Leukemia, a type of cancer, affects certain cells in the body that form blood. It is similar to lymphoma and myeloma, which also affect the blood, but is unique because of its effects on the bone marrow and blood; other blood cancers attack the lymph system or plasma cells. Leukemia begins in the marrow and, if undetected and/or untreated, will spread throughout the body, causing an overproduction of abnormal white blood cells as it goes. This type of cancer can afflict people of all ages and from all walks of life.
What Causes Leukemia?
There is no one specific cause for leukemia, and thus there is no way to prevent it. There are certain groups of people who are more likely to get leukemia, though, and certain risk factors that contribute to its likelihood. Even people who don’t fall into these categories may still be diagnosed with leukemia, but people who do fall into these categories are more likely to be stricken by the blood cancer:People age 60 and overIndividuals with Down syndromeSmokers and/or those who work in a smoke-filled environment People with the blood disorder known as myelodysplastic syndromePrevious recipients of radiation therapy and chemotherapy treatments Those already infected by the human T-cell leukemia virus (spread by blood transfusions, child birth, intravenous drug use and/or sexual contact)The Different Categories of Leukemia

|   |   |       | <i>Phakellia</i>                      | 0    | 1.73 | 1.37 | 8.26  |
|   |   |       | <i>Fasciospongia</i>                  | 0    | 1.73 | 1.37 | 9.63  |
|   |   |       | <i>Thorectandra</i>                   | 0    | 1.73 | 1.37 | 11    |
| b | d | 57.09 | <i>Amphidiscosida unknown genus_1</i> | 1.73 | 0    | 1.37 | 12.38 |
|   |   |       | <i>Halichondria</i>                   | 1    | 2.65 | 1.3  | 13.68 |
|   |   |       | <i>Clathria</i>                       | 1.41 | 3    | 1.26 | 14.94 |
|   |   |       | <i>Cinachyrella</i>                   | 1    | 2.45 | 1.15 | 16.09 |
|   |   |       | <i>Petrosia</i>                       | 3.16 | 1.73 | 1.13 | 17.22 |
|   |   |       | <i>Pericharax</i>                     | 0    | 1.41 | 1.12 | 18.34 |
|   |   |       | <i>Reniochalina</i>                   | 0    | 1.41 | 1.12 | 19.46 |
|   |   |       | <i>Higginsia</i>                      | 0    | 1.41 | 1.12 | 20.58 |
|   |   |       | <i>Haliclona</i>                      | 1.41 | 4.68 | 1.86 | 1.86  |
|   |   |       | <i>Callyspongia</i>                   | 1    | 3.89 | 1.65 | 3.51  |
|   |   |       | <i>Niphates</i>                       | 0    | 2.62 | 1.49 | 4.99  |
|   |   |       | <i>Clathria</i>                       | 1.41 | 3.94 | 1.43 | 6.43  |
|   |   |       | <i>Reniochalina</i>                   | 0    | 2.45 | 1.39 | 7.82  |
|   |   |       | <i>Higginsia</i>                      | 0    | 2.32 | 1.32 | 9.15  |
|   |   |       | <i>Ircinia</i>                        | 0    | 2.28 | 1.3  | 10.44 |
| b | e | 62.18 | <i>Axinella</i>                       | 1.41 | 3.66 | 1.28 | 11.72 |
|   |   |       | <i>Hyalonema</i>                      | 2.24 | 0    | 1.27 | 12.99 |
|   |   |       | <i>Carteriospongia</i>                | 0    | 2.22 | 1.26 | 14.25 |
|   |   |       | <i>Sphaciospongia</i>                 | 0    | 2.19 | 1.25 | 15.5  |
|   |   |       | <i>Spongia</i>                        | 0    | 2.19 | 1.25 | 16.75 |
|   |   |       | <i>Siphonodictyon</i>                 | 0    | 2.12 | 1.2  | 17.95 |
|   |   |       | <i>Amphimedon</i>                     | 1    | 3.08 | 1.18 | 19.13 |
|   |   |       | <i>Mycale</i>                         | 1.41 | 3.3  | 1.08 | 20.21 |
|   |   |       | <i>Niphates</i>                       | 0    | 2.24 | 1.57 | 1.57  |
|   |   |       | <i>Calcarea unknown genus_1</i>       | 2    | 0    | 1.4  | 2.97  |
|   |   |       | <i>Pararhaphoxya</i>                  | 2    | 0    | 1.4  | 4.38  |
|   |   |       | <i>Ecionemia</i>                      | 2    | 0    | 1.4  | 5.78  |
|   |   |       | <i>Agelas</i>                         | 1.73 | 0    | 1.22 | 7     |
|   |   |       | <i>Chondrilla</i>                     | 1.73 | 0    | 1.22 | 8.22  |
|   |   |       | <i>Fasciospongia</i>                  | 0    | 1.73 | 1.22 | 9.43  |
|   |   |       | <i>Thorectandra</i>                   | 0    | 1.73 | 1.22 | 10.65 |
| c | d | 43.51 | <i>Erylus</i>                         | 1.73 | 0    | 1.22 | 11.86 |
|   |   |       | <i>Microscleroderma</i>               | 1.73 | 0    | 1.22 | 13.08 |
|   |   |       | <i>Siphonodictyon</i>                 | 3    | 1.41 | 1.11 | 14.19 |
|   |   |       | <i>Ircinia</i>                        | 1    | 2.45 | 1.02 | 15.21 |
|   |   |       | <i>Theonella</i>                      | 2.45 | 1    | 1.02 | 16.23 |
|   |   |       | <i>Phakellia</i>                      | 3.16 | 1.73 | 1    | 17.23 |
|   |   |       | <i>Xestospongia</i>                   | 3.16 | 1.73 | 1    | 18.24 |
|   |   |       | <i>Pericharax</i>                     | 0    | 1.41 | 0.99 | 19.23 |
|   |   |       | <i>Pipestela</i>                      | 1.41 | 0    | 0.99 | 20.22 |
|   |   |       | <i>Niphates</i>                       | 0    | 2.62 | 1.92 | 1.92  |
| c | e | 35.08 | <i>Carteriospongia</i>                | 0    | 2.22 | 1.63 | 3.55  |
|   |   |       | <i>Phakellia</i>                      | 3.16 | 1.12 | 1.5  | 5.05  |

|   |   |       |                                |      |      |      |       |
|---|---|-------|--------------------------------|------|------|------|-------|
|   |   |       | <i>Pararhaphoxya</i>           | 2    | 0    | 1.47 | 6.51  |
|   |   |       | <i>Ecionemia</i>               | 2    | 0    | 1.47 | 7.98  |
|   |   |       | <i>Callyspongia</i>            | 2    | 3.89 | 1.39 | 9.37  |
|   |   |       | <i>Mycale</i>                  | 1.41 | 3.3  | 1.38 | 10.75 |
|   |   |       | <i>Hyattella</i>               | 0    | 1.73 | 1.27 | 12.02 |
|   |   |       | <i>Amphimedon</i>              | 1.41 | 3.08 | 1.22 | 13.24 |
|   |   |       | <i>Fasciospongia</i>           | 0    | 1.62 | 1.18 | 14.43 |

There are different types of the disease, and leukemia can be categorized as either acute or chronic. Cases identified as acute leukemia develop from early cells that frequently divide and continue dividing until the normal blood cells begin doing the same. Chronic cases of leukemia develop in mature cells, but the cells are abnormal in some way and have been able to thrive and accumulate despite their abnormality.
Whether the leukemia is acute or chronic, it can still be further classified as either myelogenous or lymphocytic. Myelogenous leukemia begins in myeloid cells, and can develop in many different ways. If it is acute, it is referred to as acute myelogenous leukemia, or AML, and if it is chronic, it is referred to as chronic myelogenous leukemia, or CML. Lymphocytic leukemia begins in white blood cells still in the blood marrow, which are known as lymphocytes or lympho-blasts. If the lymphocytic leukemia is acute, it is referred to as acute lymphocytic leukemia, or ALL. If it is chronic, it is referred to as chronic lymphocytic leukemia, or CLL.